• Extension activity can include investigation of other springs, elastic bands and any other elastic materials (e.g. polythene strips). Comparison of graphs provides opportunity for discussion.
  • How Science Works extension: Include among the equipment available for this experiment a second boss and clamp as well as a set square for each student group. Either prompt a discussion initially or leave the students to work out how these extra items might be useful.
  • Students can improve the accuracy of their measurements by clamping the metre ruler in place and then using the set square to make the length/extension measurement. They can also use the set square to make sure that the clamped ruler is vertical in relation to the bench. Students might set the clamped ruler at 0 cm when no masses are added and so read the extension directly. This procedure helps them avoid simple mistakes that arise when measuring lengths and then calculating extensions. These refinements provide good illustrations of improving an experimental method.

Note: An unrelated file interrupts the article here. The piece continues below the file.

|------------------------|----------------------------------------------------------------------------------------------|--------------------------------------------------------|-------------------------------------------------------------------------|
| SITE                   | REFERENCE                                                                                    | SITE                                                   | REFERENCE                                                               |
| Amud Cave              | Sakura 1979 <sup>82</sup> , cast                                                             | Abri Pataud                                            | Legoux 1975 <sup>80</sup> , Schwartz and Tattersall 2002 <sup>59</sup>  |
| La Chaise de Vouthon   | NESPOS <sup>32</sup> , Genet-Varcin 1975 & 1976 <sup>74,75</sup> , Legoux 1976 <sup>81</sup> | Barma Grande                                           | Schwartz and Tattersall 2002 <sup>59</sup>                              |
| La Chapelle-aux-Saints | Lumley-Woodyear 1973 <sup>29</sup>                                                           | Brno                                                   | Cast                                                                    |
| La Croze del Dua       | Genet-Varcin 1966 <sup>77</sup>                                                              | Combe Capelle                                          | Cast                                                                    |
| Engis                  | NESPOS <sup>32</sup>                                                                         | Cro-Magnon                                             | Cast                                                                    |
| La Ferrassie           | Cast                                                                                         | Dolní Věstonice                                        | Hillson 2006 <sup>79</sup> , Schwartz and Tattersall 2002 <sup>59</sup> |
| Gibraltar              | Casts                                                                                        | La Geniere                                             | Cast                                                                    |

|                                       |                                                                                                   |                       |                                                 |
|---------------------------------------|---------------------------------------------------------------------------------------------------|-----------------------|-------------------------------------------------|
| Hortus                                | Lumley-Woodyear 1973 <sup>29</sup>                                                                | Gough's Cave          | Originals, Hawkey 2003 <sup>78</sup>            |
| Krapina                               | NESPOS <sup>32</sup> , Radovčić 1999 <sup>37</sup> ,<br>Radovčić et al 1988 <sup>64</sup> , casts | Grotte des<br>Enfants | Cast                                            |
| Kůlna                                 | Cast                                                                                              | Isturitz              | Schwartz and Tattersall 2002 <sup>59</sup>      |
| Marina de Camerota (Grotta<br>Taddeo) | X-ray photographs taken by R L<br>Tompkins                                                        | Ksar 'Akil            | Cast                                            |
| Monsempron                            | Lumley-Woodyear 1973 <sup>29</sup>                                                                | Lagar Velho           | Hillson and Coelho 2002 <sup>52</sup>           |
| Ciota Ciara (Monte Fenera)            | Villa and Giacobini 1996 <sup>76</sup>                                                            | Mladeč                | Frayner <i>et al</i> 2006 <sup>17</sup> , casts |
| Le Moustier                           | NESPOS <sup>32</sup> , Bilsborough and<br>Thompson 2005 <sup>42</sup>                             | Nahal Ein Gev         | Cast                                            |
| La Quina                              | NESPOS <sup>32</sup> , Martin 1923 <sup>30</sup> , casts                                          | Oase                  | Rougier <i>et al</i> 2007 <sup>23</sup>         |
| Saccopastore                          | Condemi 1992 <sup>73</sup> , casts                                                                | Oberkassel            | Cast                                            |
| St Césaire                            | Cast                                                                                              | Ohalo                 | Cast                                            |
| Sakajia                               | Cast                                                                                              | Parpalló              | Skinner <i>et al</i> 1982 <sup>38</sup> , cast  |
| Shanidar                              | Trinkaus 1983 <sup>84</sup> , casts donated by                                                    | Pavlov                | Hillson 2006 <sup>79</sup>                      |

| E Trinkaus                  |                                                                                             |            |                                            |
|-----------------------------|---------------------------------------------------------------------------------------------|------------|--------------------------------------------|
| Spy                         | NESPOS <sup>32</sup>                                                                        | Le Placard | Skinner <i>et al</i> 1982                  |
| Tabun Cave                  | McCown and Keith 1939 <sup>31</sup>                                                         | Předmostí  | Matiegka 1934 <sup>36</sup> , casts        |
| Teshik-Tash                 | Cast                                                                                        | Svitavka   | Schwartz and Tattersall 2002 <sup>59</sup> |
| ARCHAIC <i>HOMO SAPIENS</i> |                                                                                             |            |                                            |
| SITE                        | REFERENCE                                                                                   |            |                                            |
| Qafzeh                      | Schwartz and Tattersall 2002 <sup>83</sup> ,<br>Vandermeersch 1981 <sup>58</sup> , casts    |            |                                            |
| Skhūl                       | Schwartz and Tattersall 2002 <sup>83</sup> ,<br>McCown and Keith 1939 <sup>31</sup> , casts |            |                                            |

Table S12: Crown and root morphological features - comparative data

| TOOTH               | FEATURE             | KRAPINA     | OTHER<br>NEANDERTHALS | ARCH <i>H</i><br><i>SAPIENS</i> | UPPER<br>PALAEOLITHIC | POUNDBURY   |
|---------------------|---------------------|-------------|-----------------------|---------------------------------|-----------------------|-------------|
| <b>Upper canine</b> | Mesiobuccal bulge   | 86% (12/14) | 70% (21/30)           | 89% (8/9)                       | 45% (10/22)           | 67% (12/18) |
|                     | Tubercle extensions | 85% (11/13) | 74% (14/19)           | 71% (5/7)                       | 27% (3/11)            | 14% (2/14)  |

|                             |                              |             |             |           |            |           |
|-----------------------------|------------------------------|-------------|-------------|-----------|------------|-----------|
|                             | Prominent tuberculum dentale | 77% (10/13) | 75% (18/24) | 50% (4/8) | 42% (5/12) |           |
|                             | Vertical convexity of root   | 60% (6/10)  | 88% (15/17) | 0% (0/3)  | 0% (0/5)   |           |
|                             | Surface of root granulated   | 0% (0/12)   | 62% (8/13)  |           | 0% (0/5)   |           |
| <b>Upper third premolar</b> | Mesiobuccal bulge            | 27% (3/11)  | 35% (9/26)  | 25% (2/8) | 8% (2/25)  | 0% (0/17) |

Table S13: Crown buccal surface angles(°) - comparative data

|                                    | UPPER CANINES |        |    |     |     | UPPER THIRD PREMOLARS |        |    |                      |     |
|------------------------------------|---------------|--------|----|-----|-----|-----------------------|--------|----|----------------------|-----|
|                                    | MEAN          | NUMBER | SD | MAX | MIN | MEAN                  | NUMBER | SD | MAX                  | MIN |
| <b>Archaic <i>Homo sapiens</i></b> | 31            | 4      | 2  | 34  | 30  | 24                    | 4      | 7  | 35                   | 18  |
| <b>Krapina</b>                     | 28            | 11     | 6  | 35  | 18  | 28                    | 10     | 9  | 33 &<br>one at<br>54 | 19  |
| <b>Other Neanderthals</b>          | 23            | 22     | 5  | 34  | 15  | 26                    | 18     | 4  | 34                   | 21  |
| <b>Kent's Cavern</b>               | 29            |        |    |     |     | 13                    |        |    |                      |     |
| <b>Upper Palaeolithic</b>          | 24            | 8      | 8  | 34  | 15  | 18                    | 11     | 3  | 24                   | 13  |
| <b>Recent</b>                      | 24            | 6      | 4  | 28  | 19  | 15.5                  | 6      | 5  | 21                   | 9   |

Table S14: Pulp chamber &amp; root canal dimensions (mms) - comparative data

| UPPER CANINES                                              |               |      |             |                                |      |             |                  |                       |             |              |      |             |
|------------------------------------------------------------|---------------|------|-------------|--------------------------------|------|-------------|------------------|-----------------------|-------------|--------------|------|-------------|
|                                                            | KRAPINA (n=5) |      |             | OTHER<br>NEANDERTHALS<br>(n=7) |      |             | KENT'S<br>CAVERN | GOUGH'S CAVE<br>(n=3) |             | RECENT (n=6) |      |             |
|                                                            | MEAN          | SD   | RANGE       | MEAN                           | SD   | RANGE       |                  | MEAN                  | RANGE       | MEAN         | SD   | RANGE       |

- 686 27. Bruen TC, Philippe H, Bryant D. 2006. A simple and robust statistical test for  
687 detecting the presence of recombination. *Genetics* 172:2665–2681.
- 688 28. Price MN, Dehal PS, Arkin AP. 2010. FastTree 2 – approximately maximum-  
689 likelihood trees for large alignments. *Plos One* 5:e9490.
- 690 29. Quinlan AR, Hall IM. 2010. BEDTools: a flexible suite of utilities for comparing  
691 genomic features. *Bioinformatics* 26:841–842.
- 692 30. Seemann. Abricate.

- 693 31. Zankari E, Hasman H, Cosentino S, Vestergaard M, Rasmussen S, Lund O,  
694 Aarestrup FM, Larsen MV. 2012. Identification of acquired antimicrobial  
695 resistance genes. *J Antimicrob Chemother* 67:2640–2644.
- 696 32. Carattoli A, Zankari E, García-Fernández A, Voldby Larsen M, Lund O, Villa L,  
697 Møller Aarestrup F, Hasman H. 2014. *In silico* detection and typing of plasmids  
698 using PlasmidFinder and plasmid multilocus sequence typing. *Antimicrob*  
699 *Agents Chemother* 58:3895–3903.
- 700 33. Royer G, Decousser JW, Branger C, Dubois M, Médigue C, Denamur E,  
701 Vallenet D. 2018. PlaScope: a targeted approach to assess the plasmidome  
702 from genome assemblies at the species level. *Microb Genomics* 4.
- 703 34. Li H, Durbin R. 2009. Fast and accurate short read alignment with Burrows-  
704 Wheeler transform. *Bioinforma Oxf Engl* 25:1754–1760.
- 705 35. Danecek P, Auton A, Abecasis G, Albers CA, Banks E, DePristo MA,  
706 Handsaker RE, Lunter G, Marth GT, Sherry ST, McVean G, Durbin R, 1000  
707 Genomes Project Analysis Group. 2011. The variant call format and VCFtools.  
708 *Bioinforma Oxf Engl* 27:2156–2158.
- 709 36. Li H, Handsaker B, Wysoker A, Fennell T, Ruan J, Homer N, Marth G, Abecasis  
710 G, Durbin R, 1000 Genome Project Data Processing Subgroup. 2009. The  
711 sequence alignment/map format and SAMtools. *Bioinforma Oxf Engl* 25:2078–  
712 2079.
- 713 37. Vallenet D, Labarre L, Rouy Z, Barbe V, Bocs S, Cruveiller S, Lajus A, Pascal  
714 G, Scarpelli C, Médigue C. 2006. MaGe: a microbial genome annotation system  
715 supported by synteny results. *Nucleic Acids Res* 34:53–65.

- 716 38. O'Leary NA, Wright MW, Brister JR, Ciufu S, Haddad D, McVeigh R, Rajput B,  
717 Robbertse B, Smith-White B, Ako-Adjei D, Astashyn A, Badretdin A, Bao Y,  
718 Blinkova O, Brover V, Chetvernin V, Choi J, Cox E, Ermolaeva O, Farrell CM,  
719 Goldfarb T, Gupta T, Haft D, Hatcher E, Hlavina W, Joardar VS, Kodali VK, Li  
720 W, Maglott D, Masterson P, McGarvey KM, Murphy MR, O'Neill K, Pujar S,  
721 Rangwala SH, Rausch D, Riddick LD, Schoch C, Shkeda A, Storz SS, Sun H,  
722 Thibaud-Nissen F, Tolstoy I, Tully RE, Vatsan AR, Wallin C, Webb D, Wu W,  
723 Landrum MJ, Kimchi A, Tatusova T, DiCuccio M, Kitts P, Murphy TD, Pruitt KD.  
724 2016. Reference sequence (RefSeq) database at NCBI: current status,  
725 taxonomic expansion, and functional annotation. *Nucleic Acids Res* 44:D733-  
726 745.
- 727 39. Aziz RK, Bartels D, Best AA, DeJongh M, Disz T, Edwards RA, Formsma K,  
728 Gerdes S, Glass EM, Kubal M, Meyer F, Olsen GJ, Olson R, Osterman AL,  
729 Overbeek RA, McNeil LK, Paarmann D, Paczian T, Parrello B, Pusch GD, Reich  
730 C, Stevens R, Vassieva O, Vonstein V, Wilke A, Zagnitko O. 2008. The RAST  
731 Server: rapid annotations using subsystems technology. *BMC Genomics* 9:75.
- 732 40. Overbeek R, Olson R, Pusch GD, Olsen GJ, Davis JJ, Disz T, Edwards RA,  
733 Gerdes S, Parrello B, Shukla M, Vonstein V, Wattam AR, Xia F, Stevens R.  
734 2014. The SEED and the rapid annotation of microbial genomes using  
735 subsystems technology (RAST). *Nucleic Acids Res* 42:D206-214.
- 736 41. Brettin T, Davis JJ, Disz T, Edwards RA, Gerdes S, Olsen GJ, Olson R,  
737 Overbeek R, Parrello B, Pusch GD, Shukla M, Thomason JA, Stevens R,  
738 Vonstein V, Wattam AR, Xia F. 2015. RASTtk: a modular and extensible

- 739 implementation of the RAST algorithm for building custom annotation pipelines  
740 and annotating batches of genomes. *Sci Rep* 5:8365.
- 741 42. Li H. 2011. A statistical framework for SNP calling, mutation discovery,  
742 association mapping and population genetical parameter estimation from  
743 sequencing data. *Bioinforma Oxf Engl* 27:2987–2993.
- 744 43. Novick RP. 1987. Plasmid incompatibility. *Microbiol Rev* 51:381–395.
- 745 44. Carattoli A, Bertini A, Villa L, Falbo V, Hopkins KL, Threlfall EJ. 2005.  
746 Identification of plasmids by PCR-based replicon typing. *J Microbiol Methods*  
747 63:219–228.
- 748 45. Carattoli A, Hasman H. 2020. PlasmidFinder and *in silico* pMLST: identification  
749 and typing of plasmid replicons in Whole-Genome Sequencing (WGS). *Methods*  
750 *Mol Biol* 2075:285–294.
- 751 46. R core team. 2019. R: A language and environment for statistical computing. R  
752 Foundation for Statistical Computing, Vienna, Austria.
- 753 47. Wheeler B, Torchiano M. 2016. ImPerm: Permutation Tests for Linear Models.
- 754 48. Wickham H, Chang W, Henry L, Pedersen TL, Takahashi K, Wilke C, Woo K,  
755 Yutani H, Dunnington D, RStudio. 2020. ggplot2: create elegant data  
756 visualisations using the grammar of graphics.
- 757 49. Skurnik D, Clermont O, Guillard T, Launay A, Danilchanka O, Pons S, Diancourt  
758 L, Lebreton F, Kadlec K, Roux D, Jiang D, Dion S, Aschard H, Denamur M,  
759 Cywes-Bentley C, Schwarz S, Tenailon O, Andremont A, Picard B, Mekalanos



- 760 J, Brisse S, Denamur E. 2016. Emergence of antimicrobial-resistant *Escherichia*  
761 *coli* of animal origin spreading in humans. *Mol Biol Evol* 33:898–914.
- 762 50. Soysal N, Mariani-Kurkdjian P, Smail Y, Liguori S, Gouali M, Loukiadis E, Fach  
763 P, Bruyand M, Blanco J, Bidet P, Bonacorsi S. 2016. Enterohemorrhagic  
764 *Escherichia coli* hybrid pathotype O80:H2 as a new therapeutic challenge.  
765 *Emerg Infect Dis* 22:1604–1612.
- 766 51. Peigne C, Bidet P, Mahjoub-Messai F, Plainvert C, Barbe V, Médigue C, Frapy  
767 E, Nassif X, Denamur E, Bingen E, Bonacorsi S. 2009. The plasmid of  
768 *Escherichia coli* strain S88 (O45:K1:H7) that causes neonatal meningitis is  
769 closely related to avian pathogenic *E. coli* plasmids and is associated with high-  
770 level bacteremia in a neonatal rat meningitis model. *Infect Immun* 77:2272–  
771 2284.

• Further ideas:
    • Give students access to extra springs so that they can try series and parallel arrangements. You could also ask them to predict what they expect to happen qualitatively and perhaps even quantitatively.
    • Investigating whether the same results are obtained when a materials is loaded and unloaded, particularly if rubber bands are used. Stretched rubber exhibits elastic hysteresis.

This experiment was safety-checked in January 2007

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Heating and cooling curves

Cooling Curves
Energy and Thermal Physics

Heating and cooling curves

Practical Activity for 14-16

Class practical

To introduce ideas of energy transfer by heating and thermal capacity.